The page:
There are lots of diets out there, which promise to help you lose weight, feel better and be healthier. It can be difficult, if not impossible, to know which ones really work – and what’s safe and healthy to try.
Sometimes referred to as the ‘anti-diet’, intuitive eating is a different way of looking at food and body image. Read on to find out what it is, what the possible benefits are and how to try it for yourself.
What is intuitive eating?
The term ‘intuitive eating’ was first used in 1995 in the US by 2 registered dietitians, Evelyn Tribole and Elyse Resch.
The basic idea is that you stop dieting and start listening to ‘hunger cues’ from your body instead – so you eat when you’re hungry and stop when you’re full.
It’s about making healthy eating a conscious decision – to eat what makes you feel good.
How does it work?
Intuitive eating is the opposite of a traditional diet and doesn’t have ‘rules’ about eating. Instead, it’s based on 10 principles.
The 10 principles of intuitive eating
- Reject the diet mentality.
- Honour your hunger.
- Make peace with food.
- Challenge the food police.
- Feel your fullness.
- Discover the satisfaction factor.
- Cope with your emotions with kindness.
- Respect your body.
- Movement – feel the difference.
- Honour your health – gentle nutrition.
These intuitive eating principles were created to guide you to feed your body when it’s hungry and take exercise when you feel like your body needs it.
The thinking is that, over time, this will give you a healthier, more positive attitude to food and body image.
The benefits of intuitive eating
Since the idea of intuitive eating was developed, research has looked into its effects, including how it might improve how we think and feel (psychological benefits).
A review of several studies found that people who tried intuitive eating showed improvements in their psychological health, including increased self-esteem and body image, as well as less depression or anxiety and a better quality of life.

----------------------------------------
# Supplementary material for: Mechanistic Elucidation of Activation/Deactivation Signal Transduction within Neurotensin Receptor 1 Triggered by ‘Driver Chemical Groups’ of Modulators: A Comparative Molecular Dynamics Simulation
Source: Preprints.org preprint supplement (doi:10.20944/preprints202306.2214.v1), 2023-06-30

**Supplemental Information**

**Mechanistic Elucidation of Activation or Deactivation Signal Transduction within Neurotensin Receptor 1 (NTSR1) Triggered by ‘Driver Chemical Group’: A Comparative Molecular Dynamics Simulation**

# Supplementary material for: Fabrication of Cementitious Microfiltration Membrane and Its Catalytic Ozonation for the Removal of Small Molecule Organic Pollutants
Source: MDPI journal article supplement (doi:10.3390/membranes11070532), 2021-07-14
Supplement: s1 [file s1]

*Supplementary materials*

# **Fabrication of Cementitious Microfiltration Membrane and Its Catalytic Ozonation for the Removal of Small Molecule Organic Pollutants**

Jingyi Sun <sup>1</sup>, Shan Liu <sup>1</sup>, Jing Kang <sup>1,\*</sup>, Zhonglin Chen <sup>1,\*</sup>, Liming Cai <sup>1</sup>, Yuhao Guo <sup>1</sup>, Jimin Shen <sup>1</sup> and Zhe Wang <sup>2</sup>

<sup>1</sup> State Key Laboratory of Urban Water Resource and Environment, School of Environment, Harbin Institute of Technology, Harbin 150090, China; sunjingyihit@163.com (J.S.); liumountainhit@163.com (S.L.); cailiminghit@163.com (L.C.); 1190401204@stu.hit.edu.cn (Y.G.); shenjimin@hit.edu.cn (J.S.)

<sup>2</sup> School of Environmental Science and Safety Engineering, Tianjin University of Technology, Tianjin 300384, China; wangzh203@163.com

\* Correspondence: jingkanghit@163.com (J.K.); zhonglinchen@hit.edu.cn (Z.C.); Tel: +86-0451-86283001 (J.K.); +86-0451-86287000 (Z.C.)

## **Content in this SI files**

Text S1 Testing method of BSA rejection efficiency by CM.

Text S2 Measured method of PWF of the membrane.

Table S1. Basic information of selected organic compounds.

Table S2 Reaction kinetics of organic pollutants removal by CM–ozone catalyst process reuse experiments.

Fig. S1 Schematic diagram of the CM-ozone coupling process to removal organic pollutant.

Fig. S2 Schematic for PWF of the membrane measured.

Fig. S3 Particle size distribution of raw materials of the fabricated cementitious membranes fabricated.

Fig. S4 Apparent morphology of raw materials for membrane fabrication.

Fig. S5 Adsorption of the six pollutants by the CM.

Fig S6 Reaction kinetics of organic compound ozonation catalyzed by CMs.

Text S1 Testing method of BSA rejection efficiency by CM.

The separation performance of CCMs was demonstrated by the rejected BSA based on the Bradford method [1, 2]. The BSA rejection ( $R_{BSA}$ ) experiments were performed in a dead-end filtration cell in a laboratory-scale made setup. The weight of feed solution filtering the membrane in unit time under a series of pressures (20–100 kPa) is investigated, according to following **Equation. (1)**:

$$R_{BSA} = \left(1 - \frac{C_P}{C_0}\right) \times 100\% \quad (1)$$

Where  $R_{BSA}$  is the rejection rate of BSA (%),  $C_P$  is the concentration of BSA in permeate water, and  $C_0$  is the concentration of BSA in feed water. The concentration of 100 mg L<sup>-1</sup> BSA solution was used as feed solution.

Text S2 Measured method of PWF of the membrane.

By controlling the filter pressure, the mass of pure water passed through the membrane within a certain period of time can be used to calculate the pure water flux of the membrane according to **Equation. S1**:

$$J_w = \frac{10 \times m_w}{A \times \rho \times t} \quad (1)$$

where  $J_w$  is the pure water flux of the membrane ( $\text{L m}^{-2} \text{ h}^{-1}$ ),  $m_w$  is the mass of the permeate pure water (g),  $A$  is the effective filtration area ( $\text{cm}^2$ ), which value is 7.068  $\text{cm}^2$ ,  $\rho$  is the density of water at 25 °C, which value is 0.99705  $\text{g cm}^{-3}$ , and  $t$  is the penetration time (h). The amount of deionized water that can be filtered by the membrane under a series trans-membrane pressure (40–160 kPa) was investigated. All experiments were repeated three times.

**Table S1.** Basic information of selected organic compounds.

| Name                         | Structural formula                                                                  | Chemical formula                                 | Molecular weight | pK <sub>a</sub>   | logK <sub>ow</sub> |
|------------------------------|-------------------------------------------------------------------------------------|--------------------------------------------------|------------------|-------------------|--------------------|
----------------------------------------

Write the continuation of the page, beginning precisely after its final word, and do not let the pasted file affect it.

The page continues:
Other research has linked intuitive eating to having a lower body mass index (BMI) and maintaining (though not losing) weight.
While these studies are promising, however, more research is needed before we can be sure of the benefits of intuitive eating.
How to eat intuitively
Anyone can try intuitive eating. If you’ve had enough of diets and the way they make you feel, it might be a way to help you change your attitude to food and your body.
To begin eating intuitively, you need to learn to tell the difference between ‘physical’ hunger and ‘emotional’ hunger.
When you’re physically hungry, your body sends you signals to tell you to give it nutrients. These signs can include a growling, rumbling tummy, a drop in energy levels and feelings of irritability – and they’ll go away after you’ve eaten.
Emotional hunger, on the other hand, is a craving for food that’s caused by emotions, such as boredom, sadness and other negative feelings. It often makes you want comfort food, and can leave you feeling bad after you’ve eaten.
The key is to listen to your body. When you feel physical hunger, this is the time to eat. Don’t wait until you’re excessively hungry, as this can cause you to overeat or eat too quickly – making it harder to notice when you’re full. Once you get that comfortably full feeling, stop eating.
Remember, intuitive eating isn’t a diet. There aren’t any rules about what you can and can’t eat – it’s not about judgement or counting calories. Intuitive eating encourages eating a wide variety of foods, for a healthy balance.
Dos and don'ts of intuitive eating
- eat when you feel hungry
- stop eating when you feel full
- eat a variety of foods
- wait until you’re starving to eat
- eat because of emotional hunger
- count calories
- judge yourself because of what you’re eating
It’s always a good idea to consult your doctor or a registered dietitian before making changes to your diet or the way you eat.
- intuitive eating is about having a healthy attitude to food and body image
- it’s based on 10 principles – but there are no ‘rules’
- it involves listening to your body so that you eat when you’re hungry and stop when you’re full
- more research is needed to prove the benefits
- anyone can try intuitive eating, but it’s best to speak to your doctor before making changes to the way you eat